That’s why it’s a little difficult to watch her here with Ben Stiller. I like Stiller a lot and I think he’s very talented but he has a natural default as an actor which at times makes him impenetrable. He brings a finely crafted level of inscrutability to his characters. It’s like a constant, very skillful intellectual mindfuck that leaves you feeling you never know where he stands.

He did this throughout Greenberg, another film he made with Baumbach. Some people like this about him. I find it fascinating but I’m not sure it was the most useful thing for him to bring to While Were Young. It shuts him off and forces Watts to work overtime to make their relationship believable. To her great credit, she almost does.

Baumbach’s script, however, focuses on Stiller as the main character in his film. We follow his struggles as a documentary filmmaker. It is Stiller who ultimately sees Driver’s opportunism and it is his deep moral objection that makes him expose it. But the character that’s been created on screen is such a petulant, crabby loser that it is difficult to connect with him. His cynicism obscures him. We never see through to his soul. A glimpse of it might have explained why Watts loves him and provided some credibility for her endless devotion to him.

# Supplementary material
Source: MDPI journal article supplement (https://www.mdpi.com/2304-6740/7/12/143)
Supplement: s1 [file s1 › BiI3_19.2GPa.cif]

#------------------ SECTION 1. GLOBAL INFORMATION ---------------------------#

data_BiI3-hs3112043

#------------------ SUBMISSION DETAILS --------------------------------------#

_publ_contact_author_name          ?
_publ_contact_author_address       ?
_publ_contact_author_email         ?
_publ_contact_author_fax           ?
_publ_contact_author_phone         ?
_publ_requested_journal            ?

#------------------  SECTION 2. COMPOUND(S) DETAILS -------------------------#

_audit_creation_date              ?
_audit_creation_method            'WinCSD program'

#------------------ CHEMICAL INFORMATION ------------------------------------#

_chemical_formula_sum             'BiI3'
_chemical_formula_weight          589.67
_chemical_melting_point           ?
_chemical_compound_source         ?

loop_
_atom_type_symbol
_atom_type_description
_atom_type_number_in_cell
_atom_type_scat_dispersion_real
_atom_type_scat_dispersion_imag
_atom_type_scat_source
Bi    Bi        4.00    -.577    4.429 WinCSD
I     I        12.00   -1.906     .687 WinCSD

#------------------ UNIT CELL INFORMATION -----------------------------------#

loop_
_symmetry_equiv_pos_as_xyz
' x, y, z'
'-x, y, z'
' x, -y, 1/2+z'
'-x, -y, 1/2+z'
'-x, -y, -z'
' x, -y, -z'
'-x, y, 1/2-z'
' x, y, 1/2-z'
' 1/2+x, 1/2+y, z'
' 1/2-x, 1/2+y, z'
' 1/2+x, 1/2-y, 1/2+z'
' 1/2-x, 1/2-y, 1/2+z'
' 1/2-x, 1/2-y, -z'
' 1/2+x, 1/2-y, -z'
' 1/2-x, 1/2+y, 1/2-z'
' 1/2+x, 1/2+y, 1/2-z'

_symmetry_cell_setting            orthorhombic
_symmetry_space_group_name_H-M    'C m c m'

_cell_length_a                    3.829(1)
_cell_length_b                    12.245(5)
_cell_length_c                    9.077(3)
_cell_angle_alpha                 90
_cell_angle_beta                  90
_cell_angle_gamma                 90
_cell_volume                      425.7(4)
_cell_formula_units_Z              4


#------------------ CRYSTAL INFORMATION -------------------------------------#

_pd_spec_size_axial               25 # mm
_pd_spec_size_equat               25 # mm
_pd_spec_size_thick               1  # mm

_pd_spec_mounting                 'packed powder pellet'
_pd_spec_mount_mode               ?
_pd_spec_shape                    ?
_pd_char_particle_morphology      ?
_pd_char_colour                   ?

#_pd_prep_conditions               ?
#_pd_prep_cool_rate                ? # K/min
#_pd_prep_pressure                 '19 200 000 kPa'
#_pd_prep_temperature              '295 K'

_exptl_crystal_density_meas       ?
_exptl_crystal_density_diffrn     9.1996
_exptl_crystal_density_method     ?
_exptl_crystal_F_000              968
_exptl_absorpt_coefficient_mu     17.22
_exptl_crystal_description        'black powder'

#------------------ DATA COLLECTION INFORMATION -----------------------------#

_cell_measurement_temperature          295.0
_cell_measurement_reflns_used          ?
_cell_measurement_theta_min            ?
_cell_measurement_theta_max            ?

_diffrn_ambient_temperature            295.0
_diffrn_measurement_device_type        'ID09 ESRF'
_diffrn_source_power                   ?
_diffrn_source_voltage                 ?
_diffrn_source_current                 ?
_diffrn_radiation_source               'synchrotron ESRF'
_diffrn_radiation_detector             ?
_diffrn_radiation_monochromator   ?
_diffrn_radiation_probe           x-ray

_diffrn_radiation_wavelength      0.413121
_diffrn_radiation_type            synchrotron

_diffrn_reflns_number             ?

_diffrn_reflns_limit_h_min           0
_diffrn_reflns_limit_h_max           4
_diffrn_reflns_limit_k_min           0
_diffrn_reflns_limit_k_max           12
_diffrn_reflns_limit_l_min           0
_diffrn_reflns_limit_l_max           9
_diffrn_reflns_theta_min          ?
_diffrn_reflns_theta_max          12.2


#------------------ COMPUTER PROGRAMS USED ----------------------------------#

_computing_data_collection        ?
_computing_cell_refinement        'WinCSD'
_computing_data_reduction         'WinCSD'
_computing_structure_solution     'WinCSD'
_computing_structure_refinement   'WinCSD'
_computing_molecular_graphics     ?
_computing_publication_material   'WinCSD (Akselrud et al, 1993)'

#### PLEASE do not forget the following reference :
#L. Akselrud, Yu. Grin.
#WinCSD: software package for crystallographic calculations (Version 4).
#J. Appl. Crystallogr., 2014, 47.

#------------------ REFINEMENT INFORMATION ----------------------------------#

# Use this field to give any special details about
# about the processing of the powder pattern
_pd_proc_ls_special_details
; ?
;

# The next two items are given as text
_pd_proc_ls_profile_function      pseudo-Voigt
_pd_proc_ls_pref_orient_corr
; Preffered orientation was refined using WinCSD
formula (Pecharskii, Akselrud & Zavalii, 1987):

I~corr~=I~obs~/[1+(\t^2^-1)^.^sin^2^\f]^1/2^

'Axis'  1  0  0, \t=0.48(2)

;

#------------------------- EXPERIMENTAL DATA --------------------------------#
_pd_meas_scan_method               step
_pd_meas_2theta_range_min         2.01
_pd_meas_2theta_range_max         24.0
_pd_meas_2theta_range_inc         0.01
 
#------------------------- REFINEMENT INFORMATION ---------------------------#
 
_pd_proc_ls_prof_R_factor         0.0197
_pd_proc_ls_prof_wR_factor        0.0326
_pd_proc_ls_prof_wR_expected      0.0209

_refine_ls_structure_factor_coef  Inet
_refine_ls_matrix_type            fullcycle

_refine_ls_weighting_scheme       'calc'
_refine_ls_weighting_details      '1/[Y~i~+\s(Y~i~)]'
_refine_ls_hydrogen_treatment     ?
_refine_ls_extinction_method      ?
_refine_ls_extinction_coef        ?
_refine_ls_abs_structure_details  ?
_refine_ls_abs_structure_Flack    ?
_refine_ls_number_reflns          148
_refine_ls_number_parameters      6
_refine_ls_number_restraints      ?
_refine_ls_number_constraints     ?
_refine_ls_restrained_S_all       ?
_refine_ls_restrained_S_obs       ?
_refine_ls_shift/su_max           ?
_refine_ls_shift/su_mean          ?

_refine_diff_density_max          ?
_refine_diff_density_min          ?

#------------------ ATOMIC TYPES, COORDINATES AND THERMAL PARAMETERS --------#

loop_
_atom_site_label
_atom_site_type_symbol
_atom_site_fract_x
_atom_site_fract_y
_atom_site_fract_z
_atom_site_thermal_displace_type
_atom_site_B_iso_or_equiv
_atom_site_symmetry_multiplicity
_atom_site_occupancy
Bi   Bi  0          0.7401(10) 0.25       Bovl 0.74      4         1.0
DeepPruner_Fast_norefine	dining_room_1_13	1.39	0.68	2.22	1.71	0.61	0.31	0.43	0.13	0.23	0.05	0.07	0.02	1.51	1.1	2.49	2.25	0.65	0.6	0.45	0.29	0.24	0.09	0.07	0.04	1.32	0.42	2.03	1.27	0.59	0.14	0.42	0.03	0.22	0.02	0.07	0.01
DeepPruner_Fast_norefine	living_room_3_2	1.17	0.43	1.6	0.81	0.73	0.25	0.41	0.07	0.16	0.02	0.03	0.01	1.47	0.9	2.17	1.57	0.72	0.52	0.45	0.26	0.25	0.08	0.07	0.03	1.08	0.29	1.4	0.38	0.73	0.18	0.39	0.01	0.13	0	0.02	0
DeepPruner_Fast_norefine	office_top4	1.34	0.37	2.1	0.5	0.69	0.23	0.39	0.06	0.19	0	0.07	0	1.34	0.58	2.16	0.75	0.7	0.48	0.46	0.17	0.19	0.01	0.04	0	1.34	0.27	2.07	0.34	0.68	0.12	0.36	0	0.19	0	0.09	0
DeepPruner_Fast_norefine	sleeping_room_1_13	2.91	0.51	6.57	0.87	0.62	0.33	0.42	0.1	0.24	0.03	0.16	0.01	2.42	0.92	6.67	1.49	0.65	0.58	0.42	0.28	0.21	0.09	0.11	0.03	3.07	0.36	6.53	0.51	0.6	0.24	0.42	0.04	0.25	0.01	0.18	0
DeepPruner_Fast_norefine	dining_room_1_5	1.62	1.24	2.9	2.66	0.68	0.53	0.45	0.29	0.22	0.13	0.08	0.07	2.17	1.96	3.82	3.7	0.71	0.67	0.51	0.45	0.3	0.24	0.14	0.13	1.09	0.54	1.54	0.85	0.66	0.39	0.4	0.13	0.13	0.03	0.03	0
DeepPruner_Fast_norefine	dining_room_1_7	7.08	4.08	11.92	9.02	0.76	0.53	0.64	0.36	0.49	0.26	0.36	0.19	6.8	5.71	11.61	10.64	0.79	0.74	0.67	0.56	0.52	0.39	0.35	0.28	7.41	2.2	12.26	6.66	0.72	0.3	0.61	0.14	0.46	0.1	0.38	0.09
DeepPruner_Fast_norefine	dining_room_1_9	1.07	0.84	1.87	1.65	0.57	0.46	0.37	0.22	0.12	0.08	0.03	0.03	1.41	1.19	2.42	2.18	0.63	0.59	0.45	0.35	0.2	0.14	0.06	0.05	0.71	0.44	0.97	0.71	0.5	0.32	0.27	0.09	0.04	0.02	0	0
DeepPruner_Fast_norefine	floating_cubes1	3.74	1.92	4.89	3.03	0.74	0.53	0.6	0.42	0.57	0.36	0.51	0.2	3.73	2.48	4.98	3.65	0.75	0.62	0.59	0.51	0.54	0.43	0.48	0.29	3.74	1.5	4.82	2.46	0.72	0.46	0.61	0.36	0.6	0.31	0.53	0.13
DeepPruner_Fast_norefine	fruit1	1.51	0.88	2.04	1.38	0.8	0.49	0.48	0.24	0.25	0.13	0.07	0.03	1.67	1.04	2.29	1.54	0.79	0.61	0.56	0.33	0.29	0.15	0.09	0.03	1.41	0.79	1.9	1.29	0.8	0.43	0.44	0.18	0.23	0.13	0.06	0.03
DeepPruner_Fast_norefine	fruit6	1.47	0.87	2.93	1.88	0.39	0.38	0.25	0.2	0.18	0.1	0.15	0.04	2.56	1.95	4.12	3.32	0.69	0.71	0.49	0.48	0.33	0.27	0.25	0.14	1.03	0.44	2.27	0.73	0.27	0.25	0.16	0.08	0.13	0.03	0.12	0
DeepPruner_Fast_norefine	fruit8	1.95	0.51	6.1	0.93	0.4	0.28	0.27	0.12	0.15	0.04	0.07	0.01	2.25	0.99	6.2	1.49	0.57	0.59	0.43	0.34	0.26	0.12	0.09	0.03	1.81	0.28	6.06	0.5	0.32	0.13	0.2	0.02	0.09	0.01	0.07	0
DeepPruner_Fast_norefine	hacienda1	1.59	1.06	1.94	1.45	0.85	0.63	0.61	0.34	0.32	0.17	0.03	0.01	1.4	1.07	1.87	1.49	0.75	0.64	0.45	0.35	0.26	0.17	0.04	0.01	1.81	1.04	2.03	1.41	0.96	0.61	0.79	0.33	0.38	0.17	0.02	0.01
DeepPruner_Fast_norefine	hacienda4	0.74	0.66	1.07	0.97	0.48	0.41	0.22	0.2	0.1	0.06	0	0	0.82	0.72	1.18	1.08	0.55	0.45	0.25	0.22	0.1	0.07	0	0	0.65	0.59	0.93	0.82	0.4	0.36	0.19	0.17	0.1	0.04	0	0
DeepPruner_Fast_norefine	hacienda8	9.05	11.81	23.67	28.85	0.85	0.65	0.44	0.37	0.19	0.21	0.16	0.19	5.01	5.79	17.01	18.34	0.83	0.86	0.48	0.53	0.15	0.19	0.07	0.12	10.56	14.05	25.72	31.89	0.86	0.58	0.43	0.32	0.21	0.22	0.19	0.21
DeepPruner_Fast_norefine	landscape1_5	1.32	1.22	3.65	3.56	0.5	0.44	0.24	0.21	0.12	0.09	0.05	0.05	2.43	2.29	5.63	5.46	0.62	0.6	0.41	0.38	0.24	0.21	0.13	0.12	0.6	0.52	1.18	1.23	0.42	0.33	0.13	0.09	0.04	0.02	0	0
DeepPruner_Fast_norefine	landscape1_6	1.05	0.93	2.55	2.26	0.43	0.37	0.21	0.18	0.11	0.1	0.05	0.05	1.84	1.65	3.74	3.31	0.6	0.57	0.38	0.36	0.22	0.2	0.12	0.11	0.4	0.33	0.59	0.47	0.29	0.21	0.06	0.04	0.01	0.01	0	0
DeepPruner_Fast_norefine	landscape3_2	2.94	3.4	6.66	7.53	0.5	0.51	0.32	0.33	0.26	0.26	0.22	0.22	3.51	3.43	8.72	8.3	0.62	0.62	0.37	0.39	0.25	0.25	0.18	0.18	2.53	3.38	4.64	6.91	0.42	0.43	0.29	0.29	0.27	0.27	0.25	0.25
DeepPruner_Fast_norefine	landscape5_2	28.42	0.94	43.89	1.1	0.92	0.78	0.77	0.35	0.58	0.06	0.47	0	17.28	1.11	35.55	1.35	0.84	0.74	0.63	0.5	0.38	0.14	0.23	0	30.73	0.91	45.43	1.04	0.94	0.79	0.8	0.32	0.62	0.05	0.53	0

The film very deftly details the stale mechanics of their relationship. Both Stiller and Watts are excellent at tossing off endearing phrases and gestures that have lost all meaning. Yet Watts is given the sole responsibility of keeping the spark alive. With the exception of a brief sex-montage, Stiller never touches or caresses her throughout the entire film. At one point, Watts plants a deep, juicy kiss on Stiller that seems to have surprised him as much as it did me.